Excerpted from Jackson Jones and the Curse of the Outlaw Rose by Mary Quattlebaum Copyright © 2006 by Mary Quattlebaum. Excerpted by permission of Delacorte Books for Young Readers, a division of Random House LLC. All rights reserved. No part of this excerpt may be reproduced or reprinted without permission in writing from the publisher.
Light barely crept through the gray trees. The damp ground sucked at my shoes and a breeze slid past my neck.
I slapped at a bug.
"Shhh," whispered Reuben behind me.
"What do you mean 'shhh'?" I whispered back. "Nobody can hear."
"We're in a cemetery." Reuben's voice dipped lower. "We need to show respect."
I turned. "I am showing--"
Next thing--ow!--I hit the ground.
"You okay?" Reuben whispered.
"Quit whispering," I said very loud. "It's making me nervous."
Reuben shot me a scared look. "Man, look what tripped you."
I struggled to my feet. "Stop it, Reuben," I said. "I bumped into a gravestone, that's all."
Beyond the old cemetery, the dark forest rustled. "Let's go, Jackson." Reuben's voice cracked. "Something's out there."
"We need to get what we came for," I replied, edging past the moss-slick gravestone.
Then I saw the name cut in that stone.
Behind the grave, a thorny rope of flowers twined round a broken fence.
Roses. I should have known roses would do me in.
A chill grabbed my whole neck.
Roses have always brought me bad luck. But thanks to my mama, I am stuck with them--and all their little green cousins: African violets, philodendrons, pansies. Mama loves plants. Our home is stuffed with them. This might be fine in the country, where Mama grew up, but it is way too much green for a city apartment. I eat with a fern, sleep in a jungle, talk to a six-foot ficus.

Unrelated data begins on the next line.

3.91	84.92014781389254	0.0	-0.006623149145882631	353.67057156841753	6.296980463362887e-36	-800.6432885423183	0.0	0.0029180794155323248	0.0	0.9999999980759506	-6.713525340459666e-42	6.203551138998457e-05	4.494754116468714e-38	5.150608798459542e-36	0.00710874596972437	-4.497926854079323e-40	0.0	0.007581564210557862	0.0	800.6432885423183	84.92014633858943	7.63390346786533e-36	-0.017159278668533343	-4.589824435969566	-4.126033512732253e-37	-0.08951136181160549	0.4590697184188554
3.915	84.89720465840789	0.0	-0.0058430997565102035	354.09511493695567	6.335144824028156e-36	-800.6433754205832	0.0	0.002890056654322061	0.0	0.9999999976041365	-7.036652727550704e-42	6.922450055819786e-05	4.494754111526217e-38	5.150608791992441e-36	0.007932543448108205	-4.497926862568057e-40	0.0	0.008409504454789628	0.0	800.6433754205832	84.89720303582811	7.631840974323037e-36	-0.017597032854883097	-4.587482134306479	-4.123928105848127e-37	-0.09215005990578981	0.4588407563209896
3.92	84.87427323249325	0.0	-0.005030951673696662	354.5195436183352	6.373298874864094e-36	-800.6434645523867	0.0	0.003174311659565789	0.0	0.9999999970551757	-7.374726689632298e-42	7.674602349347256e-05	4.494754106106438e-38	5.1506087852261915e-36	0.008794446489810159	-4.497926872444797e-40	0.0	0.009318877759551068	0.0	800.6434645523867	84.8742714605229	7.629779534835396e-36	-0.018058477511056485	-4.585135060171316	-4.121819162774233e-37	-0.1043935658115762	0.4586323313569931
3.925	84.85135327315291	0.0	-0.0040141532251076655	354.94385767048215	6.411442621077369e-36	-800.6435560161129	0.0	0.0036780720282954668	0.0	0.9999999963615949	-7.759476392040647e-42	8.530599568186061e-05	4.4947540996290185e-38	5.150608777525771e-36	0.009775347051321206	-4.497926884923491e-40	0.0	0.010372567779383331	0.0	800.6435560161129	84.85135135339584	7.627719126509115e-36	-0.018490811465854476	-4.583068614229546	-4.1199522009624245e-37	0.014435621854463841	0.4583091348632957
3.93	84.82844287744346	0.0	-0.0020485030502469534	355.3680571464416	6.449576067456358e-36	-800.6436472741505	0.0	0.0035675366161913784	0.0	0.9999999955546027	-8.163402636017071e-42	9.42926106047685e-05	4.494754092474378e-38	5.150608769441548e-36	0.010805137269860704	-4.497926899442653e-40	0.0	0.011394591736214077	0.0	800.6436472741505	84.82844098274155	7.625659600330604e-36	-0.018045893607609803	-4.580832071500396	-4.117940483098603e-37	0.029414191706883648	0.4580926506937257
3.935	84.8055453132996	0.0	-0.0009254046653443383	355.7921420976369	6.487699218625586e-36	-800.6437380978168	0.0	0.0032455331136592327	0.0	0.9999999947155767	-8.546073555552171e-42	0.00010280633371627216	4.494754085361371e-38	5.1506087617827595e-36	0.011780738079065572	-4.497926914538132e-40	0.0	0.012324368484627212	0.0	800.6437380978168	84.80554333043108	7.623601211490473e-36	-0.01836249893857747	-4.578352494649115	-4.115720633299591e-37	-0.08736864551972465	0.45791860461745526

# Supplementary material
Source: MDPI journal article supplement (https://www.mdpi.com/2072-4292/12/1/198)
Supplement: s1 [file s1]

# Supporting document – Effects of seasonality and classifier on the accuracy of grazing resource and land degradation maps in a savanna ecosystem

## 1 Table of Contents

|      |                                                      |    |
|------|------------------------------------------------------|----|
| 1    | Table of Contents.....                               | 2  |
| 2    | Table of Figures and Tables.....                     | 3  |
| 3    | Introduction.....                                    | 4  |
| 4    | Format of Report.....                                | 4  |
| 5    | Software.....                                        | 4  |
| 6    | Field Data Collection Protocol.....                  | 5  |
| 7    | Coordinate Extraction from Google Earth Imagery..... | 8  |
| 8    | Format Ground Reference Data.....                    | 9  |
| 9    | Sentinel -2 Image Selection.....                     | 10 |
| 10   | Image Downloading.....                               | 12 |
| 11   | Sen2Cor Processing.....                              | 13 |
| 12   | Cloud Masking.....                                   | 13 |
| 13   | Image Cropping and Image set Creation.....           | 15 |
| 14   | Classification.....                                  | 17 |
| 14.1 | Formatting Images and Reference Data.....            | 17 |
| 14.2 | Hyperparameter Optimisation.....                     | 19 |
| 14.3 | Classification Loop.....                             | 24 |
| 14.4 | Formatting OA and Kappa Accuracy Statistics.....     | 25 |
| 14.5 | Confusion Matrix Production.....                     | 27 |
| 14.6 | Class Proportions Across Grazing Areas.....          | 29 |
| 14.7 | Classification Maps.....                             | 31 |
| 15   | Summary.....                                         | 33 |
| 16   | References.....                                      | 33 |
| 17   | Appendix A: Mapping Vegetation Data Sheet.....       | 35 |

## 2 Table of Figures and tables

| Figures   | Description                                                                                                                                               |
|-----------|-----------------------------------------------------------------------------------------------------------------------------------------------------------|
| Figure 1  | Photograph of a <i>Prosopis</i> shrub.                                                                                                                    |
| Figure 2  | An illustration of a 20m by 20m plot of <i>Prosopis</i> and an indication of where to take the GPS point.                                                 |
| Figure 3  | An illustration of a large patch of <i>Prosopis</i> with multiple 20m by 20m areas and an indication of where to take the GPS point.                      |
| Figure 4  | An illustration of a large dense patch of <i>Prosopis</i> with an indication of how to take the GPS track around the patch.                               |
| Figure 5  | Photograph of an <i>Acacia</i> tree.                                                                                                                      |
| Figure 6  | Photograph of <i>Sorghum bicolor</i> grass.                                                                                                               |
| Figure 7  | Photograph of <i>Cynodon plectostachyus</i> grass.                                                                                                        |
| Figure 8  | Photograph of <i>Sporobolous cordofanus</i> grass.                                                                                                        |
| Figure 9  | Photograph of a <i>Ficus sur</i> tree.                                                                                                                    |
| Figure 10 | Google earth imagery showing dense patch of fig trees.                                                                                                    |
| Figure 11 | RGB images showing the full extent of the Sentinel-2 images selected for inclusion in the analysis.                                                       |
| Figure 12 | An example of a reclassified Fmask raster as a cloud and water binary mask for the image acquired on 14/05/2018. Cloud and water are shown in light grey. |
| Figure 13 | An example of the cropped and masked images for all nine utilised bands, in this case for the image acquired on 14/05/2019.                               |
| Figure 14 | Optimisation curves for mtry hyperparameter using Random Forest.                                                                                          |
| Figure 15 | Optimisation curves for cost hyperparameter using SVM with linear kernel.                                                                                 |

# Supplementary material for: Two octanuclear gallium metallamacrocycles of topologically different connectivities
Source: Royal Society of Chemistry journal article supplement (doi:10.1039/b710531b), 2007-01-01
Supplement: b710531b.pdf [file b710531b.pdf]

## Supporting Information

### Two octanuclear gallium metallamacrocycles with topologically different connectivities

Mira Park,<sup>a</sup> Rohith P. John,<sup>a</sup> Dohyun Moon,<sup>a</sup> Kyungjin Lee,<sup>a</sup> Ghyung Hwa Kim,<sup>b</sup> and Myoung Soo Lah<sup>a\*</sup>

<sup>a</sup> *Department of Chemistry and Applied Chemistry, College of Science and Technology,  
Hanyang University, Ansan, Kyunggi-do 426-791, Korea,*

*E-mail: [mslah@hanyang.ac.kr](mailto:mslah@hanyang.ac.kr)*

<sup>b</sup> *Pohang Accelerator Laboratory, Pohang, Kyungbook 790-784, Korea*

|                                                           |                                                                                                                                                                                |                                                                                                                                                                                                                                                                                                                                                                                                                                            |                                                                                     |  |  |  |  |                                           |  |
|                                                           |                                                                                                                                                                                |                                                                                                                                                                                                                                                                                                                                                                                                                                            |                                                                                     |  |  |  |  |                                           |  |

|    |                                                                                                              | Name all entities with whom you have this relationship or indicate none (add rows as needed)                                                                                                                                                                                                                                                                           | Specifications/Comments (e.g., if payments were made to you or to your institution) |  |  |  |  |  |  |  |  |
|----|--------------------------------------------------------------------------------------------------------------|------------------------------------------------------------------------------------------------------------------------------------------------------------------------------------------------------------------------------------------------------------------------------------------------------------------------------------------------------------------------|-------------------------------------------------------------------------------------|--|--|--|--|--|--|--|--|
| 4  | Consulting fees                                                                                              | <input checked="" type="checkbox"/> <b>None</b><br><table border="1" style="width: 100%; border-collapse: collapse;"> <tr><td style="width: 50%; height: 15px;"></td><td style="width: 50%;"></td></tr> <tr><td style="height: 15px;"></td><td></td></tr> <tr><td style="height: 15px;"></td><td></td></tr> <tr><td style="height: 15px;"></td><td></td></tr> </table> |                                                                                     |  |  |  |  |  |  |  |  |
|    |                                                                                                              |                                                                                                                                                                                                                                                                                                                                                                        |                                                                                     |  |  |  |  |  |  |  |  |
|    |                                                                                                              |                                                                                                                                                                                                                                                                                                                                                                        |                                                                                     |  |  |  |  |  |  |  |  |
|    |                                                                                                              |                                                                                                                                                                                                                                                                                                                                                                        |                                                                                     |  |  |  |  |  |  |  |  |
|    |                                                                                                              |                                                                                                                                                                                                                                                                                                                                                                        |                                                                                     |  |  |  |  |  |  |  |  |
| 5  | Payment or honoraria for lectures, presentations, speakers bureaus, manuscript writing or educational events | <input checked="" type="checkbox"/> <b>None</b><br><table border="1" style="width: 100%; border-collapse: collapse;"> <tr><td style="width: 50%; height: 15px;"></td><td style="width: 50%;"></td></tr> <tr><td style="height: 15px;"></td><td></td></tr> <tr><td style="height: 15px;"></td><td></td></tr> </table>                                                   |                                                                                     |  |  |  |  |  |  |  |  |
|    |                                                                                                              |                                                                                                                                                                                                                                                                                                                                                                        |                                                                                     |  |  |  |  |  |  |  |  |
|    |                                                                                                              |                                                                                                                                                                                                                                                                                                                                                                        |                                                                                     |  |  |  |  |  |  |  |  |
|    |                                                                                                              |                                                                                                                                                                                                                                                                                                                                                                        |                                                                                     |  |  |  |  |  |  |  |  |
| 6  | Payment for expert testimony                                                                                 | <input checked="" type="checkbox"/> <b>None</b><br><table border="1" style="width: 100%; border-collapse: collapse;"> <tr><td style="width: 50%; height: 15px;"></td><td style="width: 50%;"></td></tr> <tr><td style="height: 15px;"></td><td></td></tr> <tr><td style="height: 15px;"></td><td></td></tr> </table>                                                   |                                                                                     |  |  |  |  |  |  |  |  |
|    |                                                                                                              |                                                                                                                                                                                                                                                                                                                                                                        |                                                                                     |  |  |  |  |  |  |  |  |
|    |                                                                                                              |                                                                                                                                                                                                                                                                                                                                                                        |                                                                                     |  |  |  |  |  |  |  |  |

Whenever I complain, Mama smiles. She claims plants are good for you. Her words: "They clear the air, soothe the eyes, and decrease stress."
Decrease stress. That's a laugh.
This past year has been the most stressful of my life.
Right to that very moment in the graveyard.
It all started on my tenth birthday last April. I had been sure I was getting a basketball. But Mama gave me . . . dirt. A plot in Rooter's Community Garden on Evert Street. And there was no way I could give it back. Mama had been so happy to give me a "little piece of country."
Talk about trouble. That garden constantly messed with me. And my puddle-of-thorns rosebush was the worst. My best bud, Reuben Casey, and I spent all summer trying to grow something (besides weeds). Then I spent all fall trying to save the garden--my plot and twenty-eight others. I rescued Rooter's from certain doom, from being bulldozed and turned into a building.
Now it was April again. I needed a break from plants.
Instead, they were still in my face. Literally.
That's because Mama had gone back to college to study plants. And she had started her own business, Green Thumb. Two days a week she tended the green things in offices; the other days she worked a normal job downtown. Green Thumb now had twelve clients, and Mama's business was growing. Literally.
Well, I just started my own business, too. I have only one client--but he feels like twelve 'cause he keeps me so busy. Mr. Kerring is my next-plot neighbor at Rooter's. He is the oldest and bossiest person I know. The man can remember back to when Rooter's was a World War II victory garden, more than sixty years ago.
Mr. K. was the very reason I was standing that day in a cemetery. Shivering by a grave. Staring at roses.
Crackle-crick. That noise again from the forest. Closer this time. Reuben's eyes widened. "Jackson," he whispered. "What do you think--"
"Quit whispering." I grabbed the rose vine. "It's probably a squirrel."
"Or a bear."
I pulled some teeny scissors from my pocket.